The risks were calculated. Each shoot was conducted with two cars waiting outside. Preparations were made to whisk Rukun’s family to a safe location if the need arose. Oppenheimer banked on the perception of his close association with paramilitary leaders and cabinet ministers who played a role in the yet-unseen “The Act of Killing.” And in an incidental stroke of luck that also provides a symbolic image for the film, Rukun’s profession as a door-to-door vision specialist meant that all the interviews included an eye exam.

“He’s talking to people who are willfully blind to the moral meaning of what they’re saying,” Oppenheimer said. In an early scene that is nearly incomprehensible, an operative in the genocide discusses in gruesome detail the necessity for the killers to drink the blood of their victims — or else risk insanity. Rukun replaces a lens in his optometric rig and asks, “Is this more clear?” And, indeed, as the subjects gradually become aware of what Rukun is after, they become angry and threatening. But the point has been made. “You ask deeper questions than Joshua,” one such subject tells Rukun, and then invites him to leave.

“The eye test was conceived to make it safer,” Oppenheimer said. “When you’re having your eyes tested, you’re disarmed. And if you’re asked questions, you’re likely to answer honestly.”

The tool works as a metaphor in a film suffused with lyrical imagery and sound. Oppenheimer conceived of the soundtrack’s layered recordings of crickets as a ghost chorus, while solitary glimpses of a grassy landscape or birds flocking across the night sky provide reflective interludes between stomach-knotting encounters and the intense emotions evoked by Rukun’s family.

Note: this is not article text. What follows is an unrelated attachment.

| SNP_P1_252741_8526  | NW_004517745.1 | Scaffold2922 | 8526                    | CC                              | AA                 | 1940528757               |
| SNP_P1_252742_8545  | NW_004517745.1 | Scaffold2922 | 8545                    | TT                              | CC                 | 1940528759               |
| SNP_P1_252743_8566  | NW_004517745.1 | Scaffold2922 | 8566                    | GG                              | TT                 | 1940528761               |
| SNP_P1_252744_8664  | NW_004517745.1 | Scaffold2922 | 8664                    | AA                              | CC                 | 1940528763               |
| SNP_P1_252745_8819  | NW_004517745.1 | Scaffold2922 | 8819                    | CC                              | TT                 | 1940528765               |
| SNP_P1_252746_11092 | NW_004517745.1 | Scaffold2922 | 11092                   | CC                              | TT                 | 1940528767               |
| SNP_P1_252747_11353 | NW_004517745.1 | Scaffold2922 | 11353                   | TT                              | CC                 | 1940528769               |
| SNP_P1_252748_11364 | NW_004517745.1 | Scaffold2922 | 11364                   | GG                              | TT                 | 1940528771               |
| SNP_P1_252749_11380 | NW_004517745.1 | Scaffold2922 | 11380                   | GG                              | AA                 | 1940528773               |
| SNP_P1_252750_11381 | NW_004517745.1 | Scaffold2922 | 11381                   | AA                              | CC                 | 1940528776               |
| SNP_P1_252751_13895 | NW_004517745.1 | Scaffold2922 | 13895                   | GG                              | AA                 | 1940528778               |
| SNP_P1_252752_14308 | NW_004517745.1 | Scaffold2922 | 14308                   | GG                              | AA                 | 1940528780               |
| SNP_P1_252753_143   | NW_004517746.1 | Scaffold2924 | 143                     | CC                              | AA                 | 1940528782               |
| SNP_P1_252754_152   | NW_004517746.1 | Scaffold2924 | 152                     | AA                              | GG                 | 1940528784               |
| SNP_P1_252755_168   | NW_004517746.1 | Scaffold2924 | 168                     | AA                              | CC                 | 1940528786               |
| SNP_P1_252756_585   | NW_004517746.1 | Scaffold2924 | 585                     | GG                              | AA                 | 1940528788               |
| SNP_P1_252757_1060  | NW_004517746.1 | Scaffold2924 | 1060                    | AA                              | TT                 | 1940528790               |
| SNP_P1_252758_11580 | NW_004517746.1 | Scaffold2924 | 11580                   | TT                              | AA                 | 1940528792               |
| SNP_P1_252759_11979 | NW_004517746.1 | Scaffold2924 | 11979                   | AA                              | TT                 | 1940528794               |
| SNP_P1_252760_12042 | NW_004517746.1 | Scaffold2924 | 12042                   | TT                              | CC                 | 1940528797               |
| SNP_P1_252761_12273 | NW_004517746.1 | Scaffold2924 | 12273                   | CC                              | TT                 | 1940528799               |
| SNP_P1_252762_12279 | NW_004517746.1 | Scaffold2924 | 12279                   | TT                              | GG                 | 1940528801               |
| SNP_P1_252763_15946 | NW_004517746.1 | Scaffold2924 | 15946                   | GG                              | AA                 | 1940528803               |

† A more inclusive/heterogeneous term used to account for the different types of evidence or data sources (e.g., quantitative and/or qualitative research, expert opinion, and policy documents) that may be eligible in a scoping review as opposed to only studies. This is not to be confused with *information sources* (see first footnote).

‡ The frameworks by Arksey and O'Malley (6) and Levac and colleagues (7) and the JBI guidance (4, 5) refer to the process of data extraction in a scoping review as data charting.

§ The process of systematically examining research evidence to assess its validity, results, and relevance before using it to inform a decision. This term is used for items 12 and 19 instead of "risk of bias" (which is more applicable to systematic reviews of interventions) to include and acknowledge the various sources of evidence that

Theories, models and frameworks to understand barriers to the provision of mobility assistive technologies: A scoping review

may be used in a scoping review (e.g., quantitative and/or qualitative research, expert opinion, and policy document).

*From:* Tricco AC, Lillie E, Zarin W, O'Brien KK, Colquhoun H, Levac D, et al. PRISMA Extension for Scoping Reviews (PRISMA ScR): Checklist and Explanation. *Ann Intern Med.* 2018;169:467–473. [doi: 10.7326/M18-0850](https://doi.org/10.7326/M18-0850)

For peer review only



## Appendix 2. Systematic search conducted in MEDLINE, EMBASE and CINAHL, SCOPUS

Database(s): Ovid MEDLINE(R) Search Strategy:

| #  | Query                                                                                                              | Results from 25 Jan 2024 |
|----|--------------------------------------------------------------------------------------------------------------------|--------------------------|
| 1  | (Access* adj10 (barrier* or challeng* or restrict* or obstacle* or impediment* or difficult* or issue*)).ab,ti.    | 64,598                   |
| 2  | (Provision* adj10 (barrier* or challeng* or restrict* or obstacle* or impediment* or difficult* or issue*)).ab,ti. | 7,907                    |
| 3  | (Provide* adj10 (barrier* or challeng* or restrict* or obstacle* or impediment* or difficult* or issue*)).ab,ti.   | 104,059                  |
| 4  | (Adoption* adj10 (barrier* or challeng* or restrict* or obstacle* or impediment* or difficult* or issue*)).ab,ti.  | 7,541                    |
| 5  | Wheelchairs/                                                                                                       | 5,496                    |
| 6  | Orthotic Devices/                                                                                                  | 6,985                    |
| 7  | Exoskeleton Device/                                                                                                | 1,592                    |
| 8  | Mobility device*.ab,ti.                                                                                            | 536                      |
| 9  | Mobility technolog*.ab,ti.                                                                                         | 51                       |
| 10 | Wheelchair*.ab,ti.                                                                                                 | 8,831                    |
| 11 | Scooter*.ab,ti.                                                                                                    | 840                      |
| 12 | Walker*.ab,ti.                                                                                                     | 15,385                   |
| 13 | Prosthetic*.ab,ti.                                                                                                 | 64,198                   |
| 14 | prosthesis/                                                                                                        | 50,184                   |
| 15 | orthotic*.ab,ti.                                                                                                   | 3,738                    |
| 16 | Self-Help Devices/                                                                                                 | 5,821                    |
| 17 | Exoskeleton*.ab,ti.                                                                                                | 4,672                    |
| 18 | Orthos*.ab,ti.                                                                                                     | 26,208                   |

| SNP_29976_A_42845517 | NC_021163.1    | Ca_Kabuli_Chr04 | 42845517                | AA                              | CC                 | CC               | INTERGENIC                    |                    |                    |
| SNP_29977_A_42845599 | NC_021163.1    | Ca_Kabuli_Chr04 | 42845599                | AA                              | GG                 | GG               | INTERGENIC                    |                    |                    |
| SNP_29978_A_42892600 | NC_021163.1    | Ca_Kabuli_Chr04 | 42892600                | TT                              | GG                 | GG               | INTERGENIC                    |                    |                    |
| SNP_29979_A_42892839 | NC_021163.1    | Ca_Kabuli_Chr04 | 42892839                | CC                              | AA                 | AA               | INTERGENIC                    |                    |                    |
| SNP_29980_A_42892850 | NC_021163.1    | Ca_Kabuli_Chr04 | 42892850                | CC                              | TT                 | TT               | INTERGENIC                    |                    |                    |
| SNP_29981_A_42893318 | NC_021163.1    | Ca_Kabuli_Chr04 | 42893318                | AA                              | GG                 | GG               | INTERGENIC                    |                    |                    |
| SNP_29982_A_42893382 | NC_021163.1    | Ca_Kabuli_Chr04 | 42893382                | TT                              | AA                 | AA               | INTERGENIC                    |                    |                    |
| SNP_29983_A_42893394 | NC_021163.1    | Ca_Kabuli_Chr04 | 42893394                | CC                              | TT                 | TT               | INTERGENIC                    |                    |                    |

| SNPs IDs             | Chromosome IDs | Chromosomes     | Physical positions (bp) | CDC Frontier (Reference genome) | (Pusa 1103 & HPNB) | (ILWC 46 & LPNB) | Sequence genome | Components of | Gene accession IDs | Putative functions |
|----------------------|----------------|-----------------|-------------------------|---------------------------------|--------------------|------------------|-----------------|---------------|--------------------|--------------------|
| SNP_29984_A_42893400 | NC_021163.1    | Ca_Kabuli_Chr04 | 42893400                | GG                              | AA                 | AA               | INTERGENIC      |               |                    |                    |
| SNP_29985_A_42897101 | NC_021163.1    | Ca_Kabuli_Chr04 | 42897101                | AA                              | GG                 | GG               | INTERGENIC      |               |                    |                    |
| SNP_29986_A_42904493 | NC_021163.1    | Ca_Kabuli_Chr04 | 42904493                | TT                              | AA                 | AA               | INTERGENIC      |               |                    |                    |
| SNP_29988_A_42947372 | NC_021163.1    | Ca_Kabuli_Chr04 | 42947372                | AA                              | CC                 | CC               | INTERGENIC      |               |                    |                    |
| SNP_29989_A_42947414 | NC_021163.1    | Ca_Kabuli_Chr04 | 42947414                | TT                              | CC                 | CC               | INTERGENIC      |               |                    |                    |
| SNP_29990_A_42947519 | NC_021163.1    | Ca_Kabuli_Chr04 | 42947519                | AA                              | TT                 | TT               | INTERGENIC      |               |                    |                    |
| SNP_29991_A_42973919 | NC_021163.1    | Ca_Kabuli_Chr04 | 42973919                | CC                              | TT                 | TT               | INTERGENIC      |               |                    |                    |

“Every single one of those beautiful shots speaks poetically and directly to his ideas,” said David Wilson, co-founder of the True/False Film Fest in Columbia, Mo., which celebrated “The Look of Silence” by giving Rukun a $35,000 “True Life” prize to open his own brick-and-mortar optometry shop in the town where he relocated after the film was shot. Although a vocal advocate for the nonfiction avant-garde, Wilson praised Oppenheimer for matching a creative vision to a subject of geopolitical significance. “You don’t get to go anywhere you want to go. You have to bring a certain rigor.”

Anonymous, a co-producer and assistant director of the film — and one of many on the Indonesian crew whose real names do not appear in the credits — describes Oppenheimer as “very spirited . . . passionate, and also he has lots of patience,” he said. “You need to wait for the moment, to make it happen, and get the right material — not only the material for the film, but also the truth, the real thing that we want to capture.”

The key scene in the film comes from a series of videos that Rukun made with a camera that Oppenheimer gave him. It occurs near the end of “The Look of Silence,” and it is the most heartbreaking moment in a story packed with tragedy. Rukun’s father has forgotten where he is and crawls through a courtyard, deaf and blind, terrified that he is among strangers. It was the image that conjured the rest of the movie.

“Adi told me, ‘This is the day that it becomes too late for my dad,’ ” Oppenheimer said. “He’s forgotten Ramli. He’s forgotten the son whose murder destroyed his family’s life. But he hasn’t forgotten his fear.” At that point, the filmmaker said he decided that the film shouldn’t be about the nervous co-existence of survivors and perpetrators, but rather “a kind of poem about memory and oblivion,” with Rukun and his family as its intimate focus.

“It’s not a window into some far-off place with people you know little about,” he said, “but a mirror in which we see ourselves.”

“The Look of Silence” opens in Washington on Friday at the E Street Cinema. Joshua Oppenheimer will be on hand Friday for a Q&A after the 7:15 p.m. screening and to introduce the 10 p.m. screening.

Dollar is a freelance writer.